A draft Ethiopian law could define criticism of the government as a “terrorist act” and be used to crack down on the opposition if it is passed by parliament, a rights group said today.
The draft “anti-terrorism proclamation” was drawn up after the populous country said it faced threats from several internal rebel groups, Reuter`s reports.
A group of 32 mostly former and serving military officers are on trial accused of planning to topple the government of Prime Minister Meles Zenawi.
“As drafted, the law could provide a new and potent tool for suppressing political opposition and independent criticism of government policy,” Human Rights Watch said in a statement.
“It could turn political speech and peaceful protest into terrorist acts.”
The law would classify acts that cause serious damage to property or disruption of a public service as terrorism. It would also criminalise speech that may be interpreted as “encouraging terrorism”.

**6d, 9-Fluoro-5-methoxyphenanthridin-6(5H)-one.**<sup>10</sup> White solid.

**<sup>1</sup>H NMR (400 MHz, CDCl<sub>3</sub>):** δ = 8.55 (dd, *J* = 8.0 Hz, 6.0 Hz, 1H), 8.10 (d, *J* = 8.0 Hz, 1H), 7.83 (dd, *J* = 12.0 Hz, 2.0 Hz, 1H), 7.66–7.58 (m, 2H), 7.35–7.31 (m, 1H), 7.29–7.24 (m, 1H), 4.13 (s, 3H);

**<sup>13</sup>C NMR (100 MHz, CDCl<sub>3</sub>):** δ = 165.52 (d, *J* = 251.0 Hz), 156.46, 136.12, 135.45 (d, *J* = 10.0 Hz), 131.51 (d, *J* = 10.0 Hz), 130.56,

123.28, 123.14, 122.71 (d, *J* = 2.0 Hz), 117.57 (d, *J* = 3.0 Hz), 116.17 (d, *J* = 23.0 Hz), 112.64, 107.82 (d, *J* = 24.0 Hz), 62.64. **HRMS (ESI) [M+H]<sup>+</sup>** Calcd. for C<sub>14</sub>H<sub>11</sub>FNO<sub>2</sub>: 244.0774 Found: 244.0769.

Human Rights Watch urged legislators to redraft the bill.
Ethiopian government head of information, Bereket Simon, said the New York-based group had misinterpreted the law.
“The law is only intended to curb terrorist threats,” Bereket told Reuters. “It fully recognises the right of Ethiopians to engage in any peaceful political activity.”
“Opposition parties have every right to criticise the government.”
Ethiopia will hold national elections in 2010 and the opposition routinely accuses the government of harassment, closing down their offices and intimidating their candidates.
Meles denies that and says the opposition parties are trying to ruin the government’s image.
The 2005 elections billed as Ethiopia’s first truly democratic poll ended in violence when the government claimed victory and the opposition said the vote had been fixed.
About 200 protesters were killed by police and soldiers when they took to the streets.
Jacob Lew, deputy to US Secretary of State Hillary Clinton, visited Ethiopia on yesterday and said the US had “every hope” the 2010 poll would be democratic.
Secular Ethiopia is the key US ally in the volatile Horn of Africa region and sent troops into neighbouring Somalia in 2006 to oust an Islamist group who controlled the country.